febeee69-26a6-53c1-ae73-62fe758dc6fa

Crews paint the field at the Mercedes-Benz Superdome on Jan. 9 in preparation for the College Football Playoff championship game between LSU and Clemson. As the 2020 season draws closer and athletic directors and commissioners try to figure out a way to play, medical experts said the overall number of coronavirus cases needs to decrease.

With about one month until college football's leaders must decide the fate of the 2020 season, cases of the novel coronavirus have increased across the United States and emerged within athletic departments, casting doubt on the feasibility of playing the sport this fall.

If a season is to happen, medical experts said, coronavirus cases need to decrease.

“We're in the worst place we've ever been in this epidemic, and I see no signs of it getting better in the next three to four weeks," said Dr. Michael Saag, a professor of medicine and infectious diseases at UAB. "... I'm very worried about what this means for college football."

The prospect of an uninterrupted season looked promising 10 days ago, when the NCAA approved an extended preseason practice plan. But coronavirus cases have risen throughout the South, Southwest and Far West, forcing multiple states to halt reopening plans.

Similarly, various numbers of cases have appeared within major college football programs. Since players began voluntary workouts earlier this month, Clemson, Texas Tech and Texas have announced dozens of positive cases. Houston and Kansas State suspended voluntary workouts. Boise State closed all university facilities through Sunday.

The Advocate reported several positive tests at LSU, which at one point quarantined at least 30 players, according to a report from Sports Illustrated, because they either tested positive for COVID-19 or came in contact with someone who tested positive.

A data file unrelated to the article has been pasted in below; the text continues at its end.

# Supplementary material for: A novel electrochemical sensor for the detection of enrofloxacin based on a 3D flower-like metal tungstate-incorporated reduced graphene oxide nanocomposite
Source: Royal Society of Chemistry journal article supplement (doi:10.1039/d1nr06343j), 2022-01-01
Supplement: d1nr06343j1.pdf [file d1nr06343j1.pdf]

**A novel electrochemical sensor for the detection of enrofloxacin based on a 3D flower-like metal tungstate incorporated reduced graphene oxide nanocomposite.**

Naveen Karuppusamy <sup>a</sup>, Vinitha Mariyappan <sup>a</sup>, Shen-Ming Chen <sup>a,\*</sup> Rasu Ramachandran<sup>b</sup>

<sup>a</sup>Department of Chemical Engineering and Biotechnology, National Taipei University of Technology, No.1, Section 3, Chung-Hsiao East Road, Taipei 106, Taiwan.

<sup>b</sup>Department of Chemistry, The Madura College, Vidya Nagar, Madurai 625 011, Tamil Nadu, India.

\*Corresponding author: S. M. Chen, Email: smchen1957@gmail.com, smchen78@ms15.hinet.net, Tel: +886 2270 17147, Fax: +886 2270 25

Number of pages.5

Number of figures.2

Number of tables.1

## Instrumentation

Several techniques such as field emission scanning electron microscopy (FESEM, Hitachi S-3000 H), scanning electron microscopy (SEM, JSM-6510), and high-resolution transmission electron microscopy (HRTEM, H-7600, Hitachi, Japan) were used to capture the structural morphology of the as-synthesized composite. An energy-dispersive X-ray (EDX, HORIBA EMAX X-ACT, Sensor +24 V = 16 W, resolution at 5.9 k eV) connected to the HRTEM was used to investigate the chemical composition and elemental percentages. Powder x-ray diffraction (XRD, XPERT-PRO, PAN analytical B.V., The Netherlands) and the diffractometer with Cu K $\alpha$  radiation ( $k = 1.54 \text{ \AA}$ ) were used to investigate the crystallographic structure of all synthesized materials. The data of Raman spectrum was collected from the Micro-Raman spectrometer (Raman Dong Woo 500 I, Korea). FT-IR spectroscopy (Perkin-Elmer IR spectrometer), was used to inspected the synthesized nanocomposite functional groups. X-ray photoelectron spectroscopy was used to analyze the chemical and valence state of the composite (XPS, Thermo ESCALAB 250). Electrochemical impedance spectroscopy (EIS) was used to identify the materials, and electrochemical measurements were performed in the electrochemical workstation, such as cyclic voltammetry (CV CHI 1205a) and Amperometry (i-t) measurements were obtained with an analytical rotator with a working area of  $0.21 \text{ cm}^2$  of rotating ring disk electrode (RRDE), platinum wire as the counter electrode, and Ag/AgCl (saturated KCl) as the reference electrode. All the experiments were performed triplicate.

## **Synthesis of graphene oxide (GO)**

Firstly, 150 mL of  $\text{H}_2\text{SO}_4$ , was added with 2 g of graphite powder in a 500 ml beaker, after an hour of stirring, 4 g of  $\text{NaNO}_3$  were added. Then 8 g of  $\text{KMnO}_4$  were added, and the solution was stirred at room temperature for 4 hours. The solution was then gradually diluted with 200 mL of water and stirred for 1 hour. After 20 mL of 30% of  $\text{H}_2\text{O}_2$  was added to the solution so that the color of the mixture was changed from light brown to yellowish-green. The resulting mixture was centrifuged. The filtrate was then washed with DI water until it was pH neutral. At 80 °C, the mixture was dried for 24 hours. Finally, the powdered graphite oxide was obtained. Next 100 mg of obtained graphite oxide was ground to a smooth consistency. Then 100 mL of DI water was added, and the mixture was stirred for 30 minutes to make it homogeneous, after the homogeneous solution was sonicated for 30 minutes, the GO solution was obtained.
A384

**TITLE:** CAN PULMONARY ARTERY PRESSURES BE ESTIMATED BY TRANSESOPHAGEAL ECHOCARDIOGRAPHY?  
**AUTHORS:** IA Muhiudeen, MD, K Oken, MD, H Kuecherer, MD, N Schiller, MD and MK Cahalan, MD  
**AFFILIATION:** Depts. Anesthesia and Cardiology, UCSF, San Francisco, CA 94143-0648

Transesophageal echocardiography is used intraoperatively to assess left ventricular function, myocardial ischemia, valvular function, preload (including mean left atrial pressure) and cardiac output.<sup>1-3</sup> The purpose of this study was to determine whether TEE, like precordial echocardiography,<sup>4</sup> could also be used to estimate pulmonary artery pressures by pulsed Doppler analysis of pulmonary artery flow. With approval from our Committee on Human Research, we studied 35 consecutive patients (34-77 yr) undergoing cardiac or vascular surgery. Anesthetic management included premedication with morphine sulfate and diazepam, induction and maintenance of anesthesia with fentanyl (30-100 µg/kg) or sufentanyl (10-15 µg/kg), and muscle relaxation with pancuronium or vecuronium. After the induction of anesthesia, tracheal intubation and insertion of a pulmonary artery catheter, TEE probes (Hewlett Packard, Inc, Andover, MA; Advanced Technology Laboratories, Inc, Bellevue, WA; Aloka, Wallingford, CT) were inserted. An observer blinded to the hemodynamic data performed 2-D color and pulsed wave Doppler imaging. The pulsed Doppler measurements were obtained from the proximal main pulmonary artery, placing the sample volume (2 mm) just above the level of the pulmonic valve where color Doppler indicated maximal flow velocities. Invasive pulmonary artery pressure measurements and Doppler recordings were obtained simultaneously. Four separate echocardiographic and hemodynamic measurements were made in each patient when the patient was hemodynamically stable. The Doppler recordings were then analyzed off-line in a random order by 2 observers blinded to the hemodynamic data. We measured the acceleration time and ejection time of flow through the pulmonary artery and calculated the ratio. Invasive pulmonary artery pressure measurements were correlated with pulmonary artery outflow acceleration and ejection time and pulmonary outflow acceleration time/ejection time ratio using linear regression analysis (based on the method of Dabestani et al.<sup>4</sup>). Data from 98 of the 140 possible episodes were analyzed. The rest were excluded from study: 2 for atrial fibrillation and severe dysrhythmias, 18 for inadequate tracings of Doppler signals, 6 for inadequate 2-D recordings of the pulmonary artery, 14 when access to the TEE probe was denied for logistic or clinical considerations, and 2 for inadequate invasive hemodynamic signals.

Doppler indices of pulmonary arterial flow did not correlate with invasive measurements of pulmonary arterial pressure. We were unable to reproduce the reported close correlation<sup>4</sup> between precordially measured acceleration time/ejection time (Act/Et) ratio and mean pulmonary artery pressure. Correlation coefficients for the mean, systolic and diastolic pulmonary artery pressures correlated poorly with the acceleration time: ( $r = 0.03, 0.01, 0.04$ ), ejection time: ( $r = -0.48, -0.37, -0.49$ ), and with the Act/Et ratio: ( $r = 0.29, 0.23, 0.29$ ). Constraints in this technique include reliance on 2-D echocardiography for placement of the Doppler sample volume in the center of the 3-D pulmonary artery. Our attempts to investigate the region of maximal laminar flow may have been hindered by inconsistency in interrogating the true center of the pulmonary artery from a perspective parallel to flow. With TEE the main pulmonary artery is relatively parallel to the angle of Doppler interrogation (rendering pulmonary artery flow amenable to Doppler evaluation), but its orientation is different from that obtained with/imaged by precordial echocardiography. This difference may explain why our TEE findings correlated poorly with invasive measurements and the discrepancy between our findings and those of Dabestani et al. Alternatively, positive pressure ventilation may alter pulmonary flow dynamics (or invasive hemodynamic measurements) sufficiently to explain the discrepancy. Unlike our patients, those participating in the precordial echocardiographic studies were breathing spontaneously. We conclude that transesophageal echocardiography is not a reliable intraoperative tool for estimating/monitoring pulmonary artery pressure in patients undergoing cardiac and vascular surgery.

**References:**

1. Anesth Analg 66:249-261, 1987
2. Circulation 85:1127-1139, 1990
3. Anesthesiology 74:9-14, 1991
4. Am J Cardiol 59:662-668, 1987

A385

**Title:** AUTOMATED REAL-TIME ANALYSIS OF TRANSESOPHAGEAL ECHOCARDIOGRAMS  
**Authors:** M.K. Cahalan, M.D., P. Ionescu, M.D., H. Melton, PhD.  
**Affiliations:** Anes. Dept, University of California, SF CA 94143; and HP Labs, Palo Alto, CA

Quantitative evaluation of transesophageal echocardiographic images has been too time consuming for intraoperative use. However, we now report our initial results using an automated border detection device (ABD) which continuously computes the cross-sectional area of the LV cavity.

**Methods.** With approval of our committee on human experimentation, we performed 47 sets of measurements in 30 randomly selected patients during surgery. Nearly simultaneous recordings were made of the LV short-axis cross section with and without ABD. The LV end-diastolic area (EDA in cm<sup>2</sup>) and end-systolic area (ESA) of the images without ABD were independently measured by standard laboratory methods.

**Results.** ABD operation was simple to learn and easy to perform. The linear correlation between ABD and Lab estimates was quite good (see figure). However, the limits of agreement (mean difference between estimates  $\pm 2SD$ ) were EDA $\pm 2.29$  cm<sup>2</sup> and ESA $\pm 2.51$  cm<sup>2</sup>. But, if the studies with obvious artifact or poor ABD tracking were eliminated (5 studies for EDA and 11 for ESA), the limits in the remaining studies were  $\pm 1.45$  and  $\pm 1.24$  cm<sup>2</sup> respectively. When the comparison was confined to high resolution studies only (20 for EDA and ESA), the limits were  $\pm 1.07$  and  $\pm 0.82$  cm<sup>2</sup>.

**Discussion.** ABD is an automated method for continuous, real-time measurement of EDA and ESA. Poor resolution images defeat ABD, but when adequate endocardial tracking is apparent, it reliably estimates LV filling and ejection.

Not all schools have reported widespread cases. Maryland announced no student-athlete tested positive during its initial screening of 105 players. Indiana reported zero positive tests. Missouri said out of 308 members of the athletic department, five tested positive for the coronavirus. Four of those cases were asymptomatic.

Though school leaders prepared for positive cases, creating quarantine protocols and certifying athletic trainers in contact tracing, the recent increases have concerned medical professionals and some athletic directors. The virus controls decisions, college officials have long said, and positive cases of the virus have gone up.

College athletics can’t hide from the virus. Whereas the NBA and other professional leagues can operate in a controlled environment, players must attend class. They can’t sequester themselves from the rest of the student body. Games, even with no crowds and only essential personnel, would require the transportation of hundreds of people across state lines.

As coronavirus cases rise throughout the nation, so does the probability of them spreading through athletic departments. Teams can frequently test their players and quarantine those who test positive, giving college football season “a chance,” Saag said, but unless coronavirus cases start to decrease, medical professionals believe large swaths of college campuses could be infected when students return in August.

Though student-athletes are more protected in athletic facilities, Saag said, which are often disinfected and require strict protocols, a high percentage of cases among the student body would increase the likelihood players get infected, disrupting a potential season.